Mission & Name
US Foreign Policy (Dr. El-Najjar's Articles)
Don't Hold Your Breath For Deeper OPEC Cuts
Oil Price, Al-Jazeerah, CCUN, July
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The rally in oil prices over the past two weeks came to a
halt on Wednesday on news that OPEC is actually exporting more oil than
A month ago, oil prices appeared to be
higher than they should have been, with weak demand, elevated
inventories, and a recognition that the nine-month OPEC extension would
be inadequate to balance the market. Oil sold off and dropped to the
mid-$40s and below. Oil traders then bought on the dip, and bid prices
back up over the past two weeks. Now, prices again look like they could
be reaching an upper limit.
"The air is getting thin for oil
prices. The price increase just ran out of steam, which is not very
surprising, given the newsflow of rising OPEC supplies," Carsten
Fritsch, senior commodity analyst at Commerzbank, told
According to Reuters data, OPEC exports jumped
again in June, the second consecutive month of rising exports. Everyone
tends to pay attention to the production data, but the volume of exports
is arguably much more important. Reuters says that OPEC's oil exports
rose to 25.92 million barrels per day (mb/d) in June, an increase of
450,000 bpd from May.
More importantly, OPEC's exports are
actually 1.9 mb/d higher today than they were a year ago, despite the
highly-touted compliance rate with the collective production cuts.
Reuters columnist Clyde Russell
calls OPEC's efforts to balance the oil market “an exercise in
self-deception.” It appears that OPEC is exporting just as much oil as
it was before the November deal was announced, according to a Reuters
analysis of oil tanker data. The UAE, for example, exported 2.8 mb/d in
the first six months of 2017, higher than the 2.52 mb/d the country
averaged in the same period a year earlier. Iran too is exporting more
than last year.
Then, of course, there are the countries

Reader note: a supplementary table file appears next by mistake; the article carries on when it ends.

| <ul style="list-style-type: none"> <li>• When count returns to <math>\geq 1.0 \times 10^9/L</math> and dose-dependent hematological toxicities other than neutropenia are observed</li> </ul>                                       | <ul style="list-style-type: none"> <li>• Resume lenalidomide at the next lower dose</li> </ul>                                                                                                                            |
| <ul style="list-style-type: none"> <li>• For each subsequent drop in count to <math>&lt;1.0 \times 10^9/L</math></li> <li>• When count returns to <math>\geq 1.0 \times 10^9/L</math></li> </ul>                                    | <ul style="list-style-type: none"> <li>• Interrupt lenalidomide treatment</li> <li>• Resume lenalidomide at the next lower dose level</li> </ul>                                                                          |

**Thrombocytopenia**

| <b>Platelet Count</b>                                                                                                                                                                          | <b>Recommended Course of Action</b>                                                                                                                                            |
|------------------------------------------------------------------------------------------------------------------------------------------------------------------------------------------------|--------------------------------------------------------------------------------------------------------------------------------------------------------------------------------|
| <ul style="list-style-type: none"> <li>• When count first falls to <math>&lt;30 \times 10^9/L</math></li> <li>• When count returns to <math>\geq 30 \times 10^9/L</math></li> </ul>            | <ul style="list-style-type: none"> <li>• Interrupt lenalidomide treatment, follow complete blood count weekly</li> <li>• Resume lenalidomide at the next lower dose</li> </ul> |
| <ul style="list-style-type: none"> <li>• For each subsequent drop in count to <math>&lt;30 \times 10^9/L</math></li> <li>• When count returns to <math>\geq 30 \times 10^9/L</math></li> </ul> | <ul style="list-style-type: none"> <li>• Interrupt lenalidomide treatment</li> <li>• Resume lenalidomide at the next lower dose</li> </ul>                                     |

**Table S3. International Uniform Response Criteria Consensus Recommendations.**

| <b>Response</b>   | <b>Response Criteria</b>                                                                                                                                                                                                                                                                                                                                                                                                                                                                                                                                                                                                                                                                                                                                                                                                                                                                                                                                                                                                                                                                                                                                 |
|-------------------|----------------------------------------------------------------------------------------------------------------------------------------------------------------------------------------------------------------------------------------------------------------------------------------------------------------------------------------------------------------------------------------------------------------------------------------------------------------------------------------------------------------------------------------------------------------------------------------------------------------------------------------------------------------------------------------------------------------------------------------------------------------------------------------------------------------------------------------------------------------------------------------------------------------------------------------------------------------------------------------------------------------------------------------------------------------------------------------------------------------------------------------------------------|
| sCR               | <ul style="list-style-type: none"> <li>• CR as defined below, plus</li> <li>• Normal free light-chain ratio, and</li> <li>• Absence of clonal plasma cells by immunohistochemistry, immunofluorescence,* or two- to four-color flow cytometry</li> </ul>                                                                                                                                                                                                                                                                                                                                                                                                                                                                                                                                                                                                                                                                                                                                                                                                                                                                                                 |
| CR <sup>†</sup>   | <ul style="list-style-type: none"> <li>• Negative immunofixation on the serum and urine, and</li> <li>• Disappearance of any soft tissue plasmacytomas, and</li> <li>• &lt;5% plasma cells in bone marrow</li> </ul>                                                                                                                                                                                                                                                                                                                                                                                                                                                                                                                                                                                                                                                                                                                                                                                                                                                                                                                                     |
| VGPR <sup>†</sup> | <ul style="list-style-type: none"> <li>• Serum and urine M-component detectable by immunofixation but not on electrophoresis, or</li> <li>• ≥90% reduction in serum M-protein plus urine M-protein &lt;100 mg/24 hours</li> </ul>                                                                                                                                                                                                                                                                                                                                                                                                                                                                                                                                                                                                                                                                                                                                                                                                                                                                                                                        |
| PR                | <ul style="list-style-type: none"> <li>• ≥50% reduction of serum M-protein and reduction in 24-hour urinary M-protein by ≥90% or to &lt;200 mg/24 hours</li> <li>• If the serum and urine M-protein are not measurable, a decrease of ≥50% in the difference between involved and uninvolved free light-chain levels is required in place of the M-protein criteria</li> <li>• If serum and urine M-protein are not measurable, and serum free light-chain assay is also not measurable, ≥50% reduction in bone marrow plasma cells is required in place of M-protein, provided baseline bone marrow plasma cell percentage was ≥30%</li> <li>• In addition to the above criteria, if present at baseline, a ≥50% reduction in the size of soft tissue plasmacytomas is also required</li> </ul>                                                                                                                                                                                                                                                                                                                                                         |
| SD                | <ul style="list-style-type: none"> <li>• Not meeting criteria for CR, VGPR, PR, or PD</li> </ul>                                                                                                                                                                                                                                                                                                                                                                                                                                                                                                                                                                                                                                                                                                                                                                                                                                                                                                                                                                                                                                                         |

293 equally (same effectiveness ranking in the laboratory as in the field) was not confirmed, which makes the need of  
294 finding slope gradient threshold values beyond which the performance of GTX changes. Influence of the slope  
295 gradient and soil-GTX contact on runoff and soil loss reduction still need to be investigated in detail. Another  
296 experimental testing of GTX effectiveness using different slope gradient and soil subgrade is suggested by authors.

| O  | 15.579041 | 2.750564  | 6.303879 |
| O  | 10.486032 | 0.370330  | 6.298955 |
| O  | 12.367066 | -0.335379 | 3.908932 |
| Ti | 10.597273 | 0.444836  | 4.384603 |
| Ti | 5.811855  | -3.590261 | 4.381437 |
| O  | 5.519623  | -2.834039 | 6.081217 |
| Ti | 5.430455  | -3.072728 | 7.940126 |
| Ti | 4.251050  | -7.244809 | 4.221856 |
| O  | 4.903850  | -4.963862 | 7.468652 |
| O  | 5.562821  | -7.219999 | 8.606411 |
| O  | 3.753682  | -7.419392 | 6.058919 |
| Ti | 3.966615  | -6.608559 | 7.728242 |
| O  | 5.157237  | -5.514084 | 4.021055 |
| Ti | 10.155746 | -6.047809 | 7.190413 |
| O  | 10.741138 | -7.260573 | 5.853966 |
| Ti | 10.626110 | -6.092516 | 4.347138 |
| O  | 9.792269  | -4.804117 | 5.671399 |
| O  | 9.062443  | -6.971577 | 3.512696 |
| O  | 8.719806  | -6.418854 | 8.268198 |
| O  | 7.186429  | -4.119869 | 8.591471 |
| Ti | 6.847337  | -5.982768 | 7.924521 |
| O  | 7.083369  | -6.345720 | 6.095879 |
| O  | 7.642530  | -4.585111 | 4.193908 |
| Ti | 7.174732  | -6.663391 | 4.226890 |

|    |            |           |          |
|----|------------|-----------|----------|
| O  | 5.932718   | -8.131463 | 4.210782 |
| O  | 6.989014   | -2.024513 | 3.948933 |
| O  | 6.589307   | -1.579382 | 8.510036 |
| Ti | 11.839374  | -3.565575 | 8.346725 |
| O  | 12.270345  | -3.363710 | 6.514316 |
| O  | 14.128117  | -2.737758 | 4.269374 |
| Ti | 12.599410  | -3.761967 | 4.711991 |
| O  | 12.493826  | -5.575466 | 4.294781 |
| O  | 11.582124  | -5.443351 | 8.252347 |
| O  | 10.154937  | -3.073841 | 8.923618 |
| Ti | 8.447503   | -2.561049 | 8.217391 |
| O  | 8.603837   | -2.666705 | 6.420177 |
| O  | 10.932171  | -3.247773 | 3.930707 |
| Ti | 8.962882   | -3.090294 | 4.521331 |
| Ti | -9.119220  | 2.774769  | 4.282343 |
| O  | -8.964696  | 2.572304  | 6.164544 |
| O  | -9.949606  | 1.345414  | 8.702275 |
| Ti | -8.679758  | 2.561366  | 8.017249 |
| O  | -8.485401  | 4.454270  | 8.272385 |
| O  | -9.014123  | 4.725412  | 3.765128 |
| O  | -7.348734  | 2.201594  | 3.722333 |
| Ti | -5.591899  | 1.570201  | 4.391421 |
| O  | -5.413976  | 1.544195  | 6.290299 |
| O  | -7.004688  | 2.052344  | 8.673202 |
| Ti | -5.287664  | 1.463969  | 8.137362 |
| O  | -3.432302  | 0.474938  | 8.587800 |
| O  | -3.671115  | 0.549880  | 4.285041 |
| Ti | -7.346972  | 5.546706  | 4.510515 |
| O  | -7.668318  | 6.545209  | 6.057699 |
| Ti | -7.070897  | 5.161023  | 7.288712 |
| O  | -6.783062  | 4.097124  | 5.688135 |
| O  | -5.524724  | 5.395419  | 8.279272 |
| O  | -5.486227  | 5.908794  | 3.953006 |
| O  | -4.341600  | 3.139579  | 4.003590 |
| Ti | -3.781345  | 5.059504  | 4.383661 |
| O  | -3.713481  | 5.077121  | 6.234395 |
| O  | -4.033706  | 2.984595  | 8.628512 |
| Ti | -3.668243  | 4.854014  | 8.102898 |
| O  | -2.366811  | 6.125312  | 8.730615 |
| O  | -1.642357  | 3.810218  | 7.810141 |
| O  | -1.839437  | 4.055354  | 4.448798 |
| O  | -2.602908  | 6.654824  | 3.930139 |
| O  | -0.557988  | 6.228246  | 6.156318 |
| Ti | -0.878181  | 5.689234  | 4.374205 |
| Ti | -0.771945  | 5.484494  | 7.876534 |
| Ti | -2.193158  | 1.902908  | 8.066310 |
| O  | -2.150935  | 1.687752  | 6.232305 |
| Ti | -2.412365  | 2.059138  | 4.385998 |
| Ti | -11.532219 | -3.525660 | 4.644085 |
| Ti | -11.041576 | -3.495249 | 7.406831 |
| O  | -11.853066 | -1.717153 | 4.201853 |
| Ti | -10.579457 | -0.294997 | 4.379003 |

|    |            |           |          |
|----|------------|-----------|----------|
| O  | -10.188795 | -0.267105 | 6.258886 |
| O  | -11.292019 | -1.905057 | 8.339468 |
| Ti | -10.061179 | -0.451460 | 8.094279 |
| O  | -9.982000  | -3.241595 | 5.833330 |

exempted from the deal – Libya and Nigeria – where exports are rising
quickly. Libya's exports only averaged 243,000 bpd in the first half of
2016, a figure that doubled to 553,000 bpd this year. Libya's production
recently topped 1 mb/d, so its exports are surely set to rise further.
Ultimately, this means that OPEC's oil exports are not all that
different from last year's figures even though it has claimed success
with the collective cuts.
That raises the question about whether
or not OPEC should make deeper cuts, an approach that a growing number
of analysts say is needed to balance the market.
Bloomberg recently noted, another cut would be consistent with
OPEC's own history. In the past, OPEC conducted multiple cuts over a
short period of time, tweaking their output levels in order to achieve a
targeted outcome. “In the past if it didn't work, OPEC would adjust
lower,” Mike Wittner, head of oil market research at Societe Generale
SA, told Bloomberg. “It's a process. That's what supply management
means.” It would be an “outlier” if this time they cut only once.
However, the one major reason why a follow-up cut would be more
difficult is the presence of rapid-response U.S. shale. Shale drillers
have already brought back a lot of production since last year, so deeper
cuts could simply open up more room for them. While some analysts are
pointing to the possibility of shale production
starting to slow, that would support the notion that the industry
responds very quickly to changing market dynamics. That responsiveness
takes away some leverage from OPEC and undercuts the rationale for
Moreover, it would be very difficult to get all
participants on board for deeper reductions. Russia, a crucial non-OPEC
producer that has leant weight to the deal, has poured cold water on
speculation about the possibility of deeper cuts. Four Russian officials
said they would oppose any proposal for more aggressive action.
The officials even argued that another cut so quickly after the
group agreed to a nine-month extension could backfire. The hasty move
would be viewed by the market as a panicked decision, a recognition that
what they have been doing is wholly inadequate to balance the market.
Oil traders might interpret an attempt to lower output as very bearish
rather than bullish.
As a result, we will probably be stuck with
the current trajectory – muddling through for another year or so with
modest drawdowns in inventories, and oil prices stuck in its current
range between $40 and $60.
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